But still, when I donated I didn’t expect a child’s wig to cost … well, anything. I understand that real-hair wigs can cost thousands of dollars to create and some parents are better off than others, but there’s donations and income from sold hair, right? And middle-income parents may not qualify on that sliding scale, even though they could be financially devastated by their children’s illness. Doesn’t it make more sense to donate and then ask for a donation after the fact?

Lots to think about. And two long pony tails sitting on my desk, ready to go. I was beginning to get frustrated – not just about the fact I suffered with mangy locks for too long, but because I wanted to get this package out the door.

Someone suggested Beautiful Lengths, a charity arm of Pantene supported by celebs like Diane Lane and Hilary Swank, saying it was the most transparent about where and how the donated hair is used and it for adults affected by hair loss. But their requirements did fit my hair, since they required completely chemically untreated hair, and I’ve been covering my gray for the past six years. (Hair that’s been highlighted is a definite no-donate; hair that’s been colored with a single dye is accepted by Locks of Love, but not Beautiful Lengths.)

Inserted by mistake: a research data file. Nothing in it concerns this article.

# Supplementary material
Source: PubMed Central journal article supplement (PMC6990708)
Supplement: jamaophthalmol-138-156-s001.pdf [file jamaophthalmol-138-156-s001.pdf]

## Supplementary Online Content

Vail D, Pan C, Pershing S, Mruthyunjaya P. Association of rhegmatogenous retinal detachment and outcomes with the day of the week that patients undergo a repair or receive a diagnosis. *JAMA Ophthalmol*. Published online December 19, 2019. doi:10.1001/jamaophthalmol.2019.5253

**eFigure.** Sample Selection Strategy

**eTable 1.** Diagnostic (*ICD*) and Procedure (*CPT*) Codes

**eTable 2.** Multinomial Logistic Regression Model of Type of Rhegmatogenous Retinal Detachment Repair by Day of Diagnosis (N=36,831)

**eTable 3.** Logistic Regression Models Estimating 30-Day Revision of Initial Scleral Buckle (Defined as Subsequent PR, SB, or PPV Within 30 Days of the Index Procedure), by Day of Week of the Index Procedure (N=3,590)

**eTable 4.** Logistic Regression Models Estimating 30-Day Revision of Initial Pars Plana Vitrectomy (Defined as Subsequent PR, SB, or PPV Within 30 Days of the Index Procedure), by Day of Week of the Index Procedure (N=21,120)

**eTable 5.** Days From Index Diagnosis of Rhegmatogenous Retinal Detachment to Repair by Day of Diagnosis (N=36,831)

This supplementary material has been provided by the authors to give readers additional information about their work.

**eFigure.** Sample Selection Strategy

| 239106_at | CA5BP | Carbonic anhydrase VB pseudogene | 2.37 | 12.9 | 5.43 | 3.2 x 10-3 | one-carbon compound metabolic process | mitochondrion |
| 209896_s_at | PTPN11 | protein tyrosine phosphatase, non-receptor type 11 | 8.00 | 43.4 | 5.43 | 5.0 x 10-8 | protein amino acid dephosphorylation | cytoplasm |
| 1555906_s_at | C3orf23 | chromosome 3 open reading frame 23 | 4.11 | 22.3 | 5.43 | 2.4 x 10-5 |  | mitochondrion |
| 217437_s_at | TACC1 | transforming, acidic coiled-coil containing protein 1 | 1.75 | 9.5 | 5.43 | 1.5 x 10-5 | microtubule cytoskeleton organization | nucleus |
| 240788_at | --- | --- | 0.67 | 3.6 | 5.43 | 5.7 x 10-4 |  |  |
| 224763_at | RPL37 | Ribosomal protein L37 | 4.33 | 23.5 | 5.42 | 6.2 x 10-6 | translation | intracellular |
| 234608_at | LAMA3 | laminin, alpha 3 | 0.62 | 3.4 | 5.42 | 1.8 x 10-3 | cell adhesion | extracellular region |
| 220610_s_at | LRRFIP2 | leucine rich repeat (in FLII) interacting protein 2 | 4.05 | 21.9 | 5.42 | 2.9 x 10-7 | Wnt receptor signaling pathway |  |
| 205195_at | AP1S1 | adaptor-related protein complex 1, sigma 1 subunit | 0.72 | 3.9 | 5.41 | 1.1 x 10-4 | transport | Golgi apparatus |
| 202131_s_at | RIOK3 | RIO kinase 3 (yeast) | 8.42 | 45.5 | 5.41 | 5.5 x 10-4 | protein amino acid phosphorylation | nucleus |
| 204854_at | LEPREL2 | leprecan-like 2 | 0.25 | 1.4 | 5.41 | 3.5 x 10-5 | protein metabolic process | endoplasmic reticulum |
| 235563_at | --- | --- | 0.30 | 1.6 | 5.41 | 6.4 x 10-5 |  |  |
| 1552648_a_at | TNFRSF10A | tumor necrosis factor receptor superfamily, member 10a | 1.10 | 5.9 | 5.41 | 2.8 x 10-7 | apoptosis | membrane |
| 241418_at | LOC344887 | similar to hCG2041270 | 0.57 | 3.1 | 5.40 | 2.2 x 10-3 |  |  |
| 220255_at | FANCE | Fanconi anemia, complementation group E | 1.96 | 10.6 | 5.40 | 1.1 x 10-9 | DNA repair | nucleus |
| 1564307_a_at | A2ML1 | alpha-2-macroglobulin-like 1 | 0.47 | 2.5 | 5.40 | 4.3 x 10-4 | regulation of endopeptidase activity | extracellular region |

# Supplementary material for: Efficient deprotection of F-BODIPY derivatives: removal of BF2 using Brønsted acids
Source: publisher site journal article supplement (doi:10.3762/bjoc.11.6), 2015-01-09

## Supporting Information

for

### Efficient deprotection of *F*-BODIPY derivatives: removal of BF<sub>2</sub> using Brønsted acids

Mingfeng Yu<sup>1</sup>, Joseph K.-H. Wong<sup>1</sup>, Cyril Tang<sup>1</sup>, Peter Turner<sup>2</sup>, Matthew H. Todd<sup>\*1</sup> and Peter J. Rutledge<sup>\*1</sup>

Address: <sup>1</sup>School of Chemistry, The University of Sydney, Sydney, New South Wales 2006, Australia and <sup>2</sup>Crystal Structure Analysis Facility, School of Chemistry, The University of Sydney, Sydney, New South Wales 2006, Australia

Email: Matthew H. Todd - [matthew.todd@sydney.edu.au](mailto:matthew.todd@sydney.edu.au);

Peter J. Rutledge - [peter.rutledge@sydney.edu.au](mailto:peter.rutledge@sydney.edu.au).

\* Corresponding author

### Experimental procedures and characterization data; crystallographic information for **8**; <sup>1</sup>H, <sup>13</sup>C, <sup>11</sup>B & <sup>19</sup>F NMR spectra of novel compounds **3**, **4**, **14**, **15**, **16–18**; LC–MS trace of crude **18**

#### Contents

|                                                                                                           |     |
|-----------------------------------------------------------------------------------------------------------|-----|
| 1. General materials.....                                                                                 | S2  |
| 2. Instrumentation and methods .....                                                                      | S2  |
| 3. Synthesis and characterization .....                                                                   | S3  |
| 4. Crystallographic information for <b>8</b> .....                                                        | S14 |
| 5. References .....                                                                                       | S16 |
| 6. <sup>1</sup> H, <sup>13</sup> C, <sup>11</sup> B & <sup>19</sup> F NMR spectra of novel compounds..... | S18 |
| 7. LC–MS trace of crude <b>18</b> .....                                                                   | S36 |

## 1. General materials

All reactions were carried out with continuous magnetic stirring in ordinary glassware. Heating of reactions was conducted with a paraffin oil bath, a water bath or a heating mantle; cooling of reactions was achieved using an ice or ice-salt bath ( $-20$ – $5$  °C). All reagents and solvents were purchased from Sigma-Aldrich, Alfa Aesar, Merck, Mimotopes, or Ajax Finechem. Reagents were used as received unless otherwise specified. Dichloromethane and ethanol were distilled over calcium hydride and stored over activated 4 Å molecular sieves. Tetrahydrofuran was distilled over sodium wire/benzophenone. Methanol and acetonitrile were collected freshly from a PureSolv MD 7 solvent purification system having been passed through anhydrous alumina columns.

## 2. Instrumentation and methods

I looked into more related nonprofits, with the help of a few blogs.

  • Hair Club for Kids: Charity offshoot of Hair Club for Men that provides free hair restoration services for children. But there wasn’t any indication they took in donated hair.
  • Children with Hair Loss: Michigan-based parallel nonprofit to Locks of Love, and while they say they’d rather not have dyed hair, they will take it to see if it works.
  • Wigs for Kids: Another parallel nonprofit to Locks of Love, based in Ohio. Online reviews of the nonprofit from parents of children who have gone through the program rave about the personal attention. But they seem to be very picky about the dye-treated hair too … I fear if I submit, it won’t be used.

I decided to go for Children with Hair Loss this time around. I’m still a supporter of Locks of Love (despite the rants), but they’ve gotten two donations from me already, and I figure it’s time to share the love. Wigs for Kids would have been my go-to with Beautiful Lengths as a close second, but the color-treated question eliminated them from the pool.